The Belles Dames Club

The Belles Dames Club

by Melinda Hammond

Hardcover(Large Print Edition)


Product Details

ISBN-13: 9781847820952
Publisher: Ulverscroft Large Print Books, Ltd.
Publication date: 02/28/2008
Edition description: Large Print Edition
Pages: 360

Read an Excerpt

The Belles Dames Club

By Melinda Hammond

Robert Hale Limited

Copyright © 2007 Melinda Hammond
All rights reserved.
ISBN: 978-0-7090-9718-1


'Well, Miss Clarissa, another hour or so will see you safe back with your stepmama.' As soon as the maid had uttered these prophetic words, the carriage slowed to a halt. Miss Wyckenham's dark eyes gleamed.

'Becky, you wretch!'

'What, miss? I didn't do nothing!'

Seeing that her maid was truly alarmed, Miss Wyckenham merely patted her hand.

'No of course not. But if you did not cause us to stop, I must find out what did. Gibson, the door.' Miss Wyckenham scarcely waited for her footman to let down the steps before jumping down on to the road and making her way towards the coachman, who was inspecting one of the horses. 'Well, John?'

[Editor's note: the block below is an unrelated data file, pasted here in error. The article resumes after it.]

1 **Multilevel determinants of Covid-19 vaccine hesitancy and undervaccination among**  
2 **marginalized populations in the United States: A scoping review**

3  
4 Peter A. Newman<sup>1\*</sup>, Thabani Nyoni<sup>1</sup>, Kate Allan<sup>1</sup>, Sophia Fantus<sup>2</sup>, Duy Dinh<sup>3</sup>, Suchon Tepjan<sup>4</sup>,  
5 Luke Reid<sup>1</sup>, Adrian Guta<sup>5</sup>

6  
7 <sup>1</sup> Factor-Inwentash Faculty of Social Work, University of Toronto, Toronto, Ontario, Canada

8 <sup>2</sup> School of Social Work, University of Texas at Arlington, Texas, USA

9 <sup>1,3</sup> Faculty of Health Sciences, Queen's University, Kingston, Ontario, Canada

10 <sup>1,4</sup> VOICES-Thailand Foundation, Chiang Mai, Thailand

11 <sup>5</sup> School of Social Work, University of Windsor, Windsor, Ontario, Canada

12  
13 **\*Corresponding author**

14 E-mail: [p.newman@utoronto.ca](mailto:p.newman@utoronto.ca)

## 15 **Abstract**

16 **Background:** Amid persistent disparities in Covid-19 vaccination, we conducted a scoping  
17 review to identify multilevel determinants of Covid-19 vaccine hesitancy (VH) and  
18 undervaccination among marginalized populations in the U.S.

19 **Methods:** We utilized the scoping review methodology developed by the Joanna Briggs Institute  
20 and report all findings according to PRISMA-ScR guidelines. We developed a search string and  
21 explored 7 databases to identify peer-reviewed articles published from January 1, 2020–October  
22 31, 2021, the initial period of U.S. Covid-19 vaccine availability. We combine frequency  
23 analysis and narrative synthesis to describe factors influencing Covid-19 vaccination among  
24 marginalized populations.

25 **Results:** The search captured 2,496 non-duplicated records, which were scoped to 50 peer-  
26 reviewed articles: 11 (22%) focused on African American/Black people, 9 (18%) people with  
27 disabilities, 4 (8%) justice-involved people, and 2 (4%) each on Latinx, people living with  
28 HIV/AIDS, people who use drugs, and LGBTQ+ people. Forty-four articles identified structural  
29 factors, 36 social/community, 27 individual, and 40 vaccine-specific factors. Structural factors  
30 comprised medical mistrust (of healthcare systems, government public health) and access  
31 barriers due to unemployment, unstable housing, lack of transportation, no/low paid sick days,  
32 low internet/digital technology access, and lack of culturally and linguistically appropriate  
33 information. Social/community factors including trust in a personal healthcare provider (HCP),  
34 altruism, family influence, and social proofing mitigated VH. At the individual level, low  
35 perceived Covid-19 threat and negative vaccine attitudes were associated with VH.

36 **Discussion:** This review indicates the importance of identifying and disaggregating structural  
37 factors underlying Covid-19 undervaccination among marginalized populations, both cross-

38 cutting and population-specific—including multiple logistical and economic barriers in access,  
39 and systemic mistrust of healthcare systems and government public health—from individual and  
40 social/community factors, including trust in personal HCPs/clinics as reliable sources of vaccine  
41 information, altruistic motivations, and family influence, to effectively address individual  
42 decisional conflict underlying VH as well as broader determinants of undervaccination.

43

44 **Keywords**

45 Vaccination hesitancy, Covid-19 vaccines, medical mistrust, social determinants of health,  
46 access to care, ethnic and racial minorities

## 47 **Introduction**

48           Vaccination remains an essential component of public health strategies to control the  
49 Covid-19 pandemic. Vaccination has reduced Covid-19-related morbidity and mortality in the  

He straightened up.

'One of the wheelers, Miss Clarissa: cast a shoe, he has, and no way can I carry on, not on this rough road.'

'Oh dear. And are we near a village – a smithy?'

'As to that, I don't rightly know.' He broke off and looked round as three young boys came crashing out of the trees on to the road.

'Hi there – not so fast, young feller-me-lad!'

The coachman waved his whip towards them and the three boys stopped, looking back at him warily. One of them hurriedly put his hand behind his back, but not before Clarissa had seen what she thought was a sling-shot in his grasp.

'How far is it to the village?' asked John. 'Is there a smithy there?'

One of the boys, the largest and, thought Clarissa, the eldest, nodded.